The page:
Evidence is piling up attesting to the fact that hands-free devices don’t eliminate the driver distraction from making phone calls or sending text messages that cause car crashes. But anything that helps lower the cognitive demand on the driver that comes from electronic gadgets should surely help.
To that end, RISE Devices, a San Ramon, Calif., startup, is planning to introduce an in-car messaging system, simply called DRIVE, that delivers information only when the driver has both hands on the steering wheel. The device, whose base has magnets that firmly attach it to the steering column, emits a pair of pulsing infrared beams aimed at the “10 and 2” hand positions that driving instructors recommend. The driver controls the gadget by extending the fingers on either hand and interrupting the beam.
Doing things this way, says Ronald Isaac, DRIVE’s creator, eliminates controls such as a display screen or buttons that draw away the driver’s visual focus. It also does away with attention-hogging voice commands so drivers no longer have to rack their brains to figure out just the right phrase and just the right intonation that will get a voice recognition system to follow a simple command.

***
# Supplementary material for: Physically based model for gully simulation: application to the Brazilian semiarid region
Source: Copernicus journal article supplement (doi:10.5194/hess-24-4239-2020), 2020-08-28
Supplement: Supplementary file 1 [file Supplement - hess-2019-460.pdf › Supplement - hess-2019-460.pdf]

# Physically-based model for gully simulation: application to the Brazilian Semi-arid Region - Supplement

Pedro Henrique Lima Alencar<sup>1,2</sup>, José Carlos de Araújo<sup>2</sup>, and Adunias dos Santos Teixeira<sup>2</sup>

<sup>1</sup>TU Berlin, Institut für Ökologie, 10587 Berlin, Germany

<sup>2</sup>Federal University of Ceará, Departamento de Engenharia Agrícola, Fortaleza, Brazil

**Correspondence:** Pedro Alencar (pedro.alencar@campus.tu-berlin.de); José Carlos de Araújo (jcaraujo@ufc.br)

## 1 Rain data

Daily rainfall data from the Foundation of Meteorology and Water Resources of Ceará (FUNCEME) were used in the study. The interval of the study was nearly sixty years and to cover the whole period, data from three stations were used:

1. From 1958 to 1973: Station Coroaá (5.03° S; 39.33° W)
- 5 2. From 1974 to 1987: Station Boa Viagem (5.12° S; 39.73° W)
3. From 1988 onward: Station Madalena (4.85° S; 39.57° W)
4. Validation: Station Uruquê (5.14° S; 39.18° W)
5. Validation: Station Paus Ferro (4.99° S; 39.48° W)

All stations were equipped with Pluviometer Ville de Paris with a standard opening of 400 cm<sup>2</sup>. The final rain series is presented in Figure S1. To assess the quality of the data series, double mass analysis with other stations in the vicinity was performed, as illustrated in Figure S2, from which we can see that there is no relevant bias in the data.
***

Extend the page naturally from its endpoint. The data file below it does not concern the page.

Opening and closing the grip on the steering wheel lets the driver choose what messages DRIVE reads aloud, when its three microphones should record a message, and to whom a particular message should be sent.
“We’re so plugged in to our phones that it’s almost impossible to convince people to ignore calls, texts, and social updates while they drive,”said Isaac in a press release. “DRIVE removes the danger of distraction, making texts and notifications as seamless as listening to the radio.”
The group that developed the messaging system, which, at first glance, looks like a bedside alarm clock, is proud of the gadget’s sound quality—especially for the recordings of the driver that subsequently become outgoing messages. The recording system, they note, was designed by a former Apple engineer who helped improve Siri’s acoustics. The multiple microphones and engineering tricks he and his colleagues brought to bear have resulted in clear sound with minimal road noise.
(Eliminating road noise inside the car is a difficult problem. Acoustics firm, Harman, recently revealed what it says is the first active noise cancellation system for road noise.)
DRIVE is currently the subject of a Kickstarter campaign; the gadget’s creators hope to raise US $88,000 by the end of November. Donors of $149 or more can expect to receive a unit (or several, depending on the pledge) by July 2015. The system, which is compatible with iOS, Android, Windows devices, comes with an app that automatically syncs all messaging and social media apps for seamless communication.